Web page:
Many Nigerian parents tend to enroll boys in school instead of girls and/ they keep their daughter due to the misinterpretation of the tenets of Islamic religion. Numerous religious tenets are shows up harsh and discriminatory, especially against women and are therefore contrary of human rights norms (Abegunde, 2014). In Ghana and Togo, Trokosi which is the traditional religious may be the obstacle to girls’ education. Northern Nigeria reveals the strict observance of the Islamic custom of Purdah, refers to the seclusion of women from the sight of mend and interaction with strangers inside and outside the home, it generally applies to married women and girls who have reached puberty which disturbance the access of a female in education (Tuwor & Sossou, 2008). The other reason why African female children failed to complete their formal education is because they have always worked multiple times and roles inside and outside their homes (Tuwor & Sossou, 2008).
There are some difficulties challenge facing many African countries today, the problem is such as negotiating successful transitions from histories tainted variously by colonialism, racial segregation, oppression, and conflicts to a truly democratic dispensation (Olatunji, 2013). In oppression and gender discrimination in Africa is deeply rooted in the culture and traditions of the multi-cultural communities, as well as the compliance of women themselves. So, somehow most of women accept their subservience and don’t feel sense of discrimination or oppression (Hutson, 2007). Society mattered more to African people rather than did the individual aspirations (Hutson, 2007).
Education in Ghana has undergone policy reforms over a period of time such as in 1966 and 1974. However, the 2000 population and housing census in Ghana indicates that there are 54.3% of female aged 15 years old and over have never been to school despite efforts being made to increase girls’ education in the country (Tuwor & Sossou, 2008). Formal education in Togo started The German Missionaries in 1887. However, in 1924, the colonial French government introduced a new educational policy. And by that, in terms of female education, separate schools were established for them and the policy behind separate schools for girls was to afford them a little education along the lines of that given in the primary schools with emphasis on sewing, washing, ironing, and personal hygiene (Bunche in Tuwor & Sossou, 2008).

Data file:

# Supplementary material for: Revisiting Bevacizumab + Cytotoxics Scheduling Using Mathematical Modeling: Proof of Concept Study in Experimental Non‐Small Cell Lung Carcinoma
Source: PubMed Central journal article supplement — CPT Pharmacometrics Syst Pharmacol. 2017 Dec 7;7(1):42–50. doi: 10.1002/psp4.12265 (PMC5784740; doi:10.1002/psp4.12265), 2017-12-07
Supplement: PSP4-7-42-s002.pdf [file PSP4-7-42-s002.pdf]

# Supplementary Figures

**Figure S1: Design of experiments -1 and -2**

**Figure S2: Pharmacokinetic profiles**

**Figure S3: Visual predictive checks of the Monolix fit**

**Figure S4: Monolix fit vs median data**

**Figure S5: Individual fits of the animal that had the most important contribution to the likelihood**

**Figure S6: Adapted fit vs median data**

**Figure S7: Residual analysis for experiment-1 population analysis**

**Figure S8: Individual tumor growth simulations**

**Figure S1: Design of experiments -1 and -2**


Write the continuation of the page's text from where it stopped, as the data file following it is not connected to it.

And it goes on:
According to the UNDP Human Development Report (2014) figures for all nations, there is greater disparity in African men and women status and potential for development such as most women still lack access to education, employment and income-generating opportunities, information, and parliamentary representations (Azuh, Egharevba, & Azuh, 2014). National Bureau of Statistics (NBS) on 2008, observed that despite significant global increases in enrolment ratios in education, women’s education status is lower than men’s enrolment in Nigeria (Azuh, Egharevba, & Azuh, 2014). In northern Nigeria, 55% of girls aged between 15 and 19 years were pregnant or were mothers already. In Togo, the legal age of marriage is 17 years for girls and 21 years for boys, bur about 27% of girls between the ages of 15 and 19 years have been forced into early marriage (Monekosso on Tuwor & Sossou, 2008), In Ghana, indicate that 3404 teenagers between the ages of 10 and 19 years were pregnant between 2003 and 2004 (Ghana News Agency in Tuwor & Sossou, 2008). Female infanticide and feticide are predominantly practiced in Nigeria. In the Southern and Eastern of Nigeria also practiced Female Genital Mutilation (Ijaya, n.d.).
Based on facts it cannot be denied that gender discrimination in Africa is very visible and shows a huge disadvantages to women rights.
Abegunde, B. (2014). Gender Inequity: Nigerian and International Perspectives. British Journal of Arts and Social Sciences, XVII No. 1, 165-191.
Aronson, E., Wilson, T., & Akert, R. (2013). Pearson New International Edition (8th ed.). USA: PEARSON.
Azuh, D., Egharevba, M. D., & Azuh, A. E. (2014). Gender Discrimination and National Politics: The Nigeria Case. Covenant University Journal of Politics and International Affairs (CUJPIA), II No. 2, 19-30.
Hutson, S. (2007). Gender Oppression and and Discrimination in South Africa. ESSAI, V, 82-87.
Ijaya, H. (n.d.). Gender Discrimination Against Female Children in Nigeria. Indian Journal of Human Rights and Justice, IV (1-2), 103-110.
Matsumoto, D., & Juang, L. (2013). Culture and Psychology (5th ed.). USA: WADSWORTH Cencage Learning.
Najc.ca. (2015). Gender Discrimination in Canada. Diakses pada tanggal 19 November 2015, dari, https://najc.ca/gender-discrimination-in-canada/
Olatunji, C. (2013). An Argument for gender Equality in Africa. Comparative Literature and Culture, XV(1), 2-8.
Tuwor, T., & Sossou, M. (2008). Gender Discrimination and Education in West Africa: Strategies for Maintaining Girls in School. International Journal of Inclusive Education, XII No. 4, 363-379.
Who.int. (2014). Female Genital Mutilation. Diakses pada tanggal 19 November 2015, dari, http://www.who.int/mediacentre/factsheets/fs241/en/
WiseGEEK.org. (2015). What is Gender Discrimination. Diakses pada tanggal 19 November 2015, dari, http://www.wisegeek.org/what-is-gender-discrimination.htm
Published at : Updated